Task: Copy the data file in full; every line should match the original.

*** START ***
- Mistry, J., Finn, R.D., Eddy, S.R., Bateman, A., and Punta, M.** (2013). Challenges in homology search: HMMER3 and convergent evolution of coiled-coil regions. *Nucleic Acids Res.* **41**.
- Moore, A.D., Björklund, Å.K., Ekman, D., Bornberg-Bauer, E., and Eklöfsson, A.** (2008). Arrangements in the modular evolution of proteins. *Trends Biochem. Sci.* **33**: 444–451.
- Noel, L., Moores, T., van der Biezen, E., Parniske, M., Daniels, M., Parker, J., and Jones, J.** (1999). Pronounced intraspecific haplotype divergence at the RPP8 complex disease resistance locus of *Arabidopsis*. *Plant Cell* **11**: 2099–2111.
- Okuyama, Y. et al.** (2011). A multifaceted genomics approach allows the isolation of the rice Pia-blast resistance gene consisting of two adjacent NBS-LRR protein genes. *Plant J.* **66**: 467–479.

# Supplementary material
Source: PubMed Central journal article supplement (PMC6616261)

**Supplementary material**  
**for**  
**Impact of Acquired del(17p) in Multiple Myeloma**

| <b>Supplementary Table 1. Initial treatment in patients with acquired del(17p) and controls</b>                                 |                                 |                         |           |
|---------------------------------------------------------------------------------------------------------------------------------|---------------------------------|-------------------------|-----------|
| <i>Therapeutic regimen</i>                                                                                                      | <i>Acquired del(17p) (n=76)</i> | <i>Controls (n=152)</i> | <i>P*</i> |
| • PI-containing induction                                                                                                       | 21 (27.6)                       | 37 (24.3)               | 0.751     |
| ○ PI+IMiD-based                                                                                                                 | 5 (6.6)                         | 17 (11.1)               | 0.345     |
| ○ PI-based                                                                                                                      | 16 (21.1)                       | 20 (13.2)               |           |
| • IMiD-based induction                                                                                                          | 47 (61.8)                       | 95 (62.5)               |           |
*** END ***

- Mistry, J., Finn, R.D., Eddy, S.R., Bateman, A., and Punta, M.** (2013). Challenges in homology search: HMMER3 and convergent evolution of coiled-coil regions. *Nucleic Acids Res.* **41**.
- Moore, A.D., Björklund, Å.K., Ekman, D., Bornberg-Bauer, E., and Eklöfsson, A.** (2008). Arrangements in the modular evolution of proteins. *Trends Biochem. Sci.* **33**: 444–451.
- Noel, L., Moores, T., van der Biezen, E., Parniske, M., Daniels, M., Parker, J., and Jones, J.** (1999). Pronounced intraspecific haplotype divergence at the RPP8 complex disease resistance locus of *Arabidopsis*. *Plant Cell* **11**: 2099–2111.
- Okuyama, Y. et al.** (2011). A multifaceted genomics approach allows the isolation of the rice Pia-blast resistance gene consisting of two adjacent NBS-LRR protein genes. *Plant J.* **66**: 467–479.

# Supplementary material
Source: PubMed Central journal article supplement (PMC6616261)

**Supplementary material**  
**for**  
**Impact of Acquired del(17p) in Multiple Myeloma**

| <b>Supplementary Table 1. Initial treatment in patients with acquired del(17p) and controls</b>                                 |                                 |                         |           |
|---------------------------------------------------------------------------------------------------------------------------------|---------------------------------|-------------------------|-----------|
| <i>Therapeutic regimen</i>                                                                                                      | <i>Acquired del(17p) (n=76)</i> | <i>Controls (n=152)</i> | <i>P*</i> |
| • PI-containing induction                                                                                                       | 21 (27.6)                       | 37 (24.3)               | 0.751     |
| ○ PI+IMiD-based                                                                                                                 | 5 (6.6)                         | 17 (11.1)               | 0.345     |
| ○ PI-based                                                                                                                      | 16 (21.1)                       | 20 (13.2)               |           |
| • IMiD-based induction                                                                                                          | 47 (61.8)                       | 95 (62.5)               |           |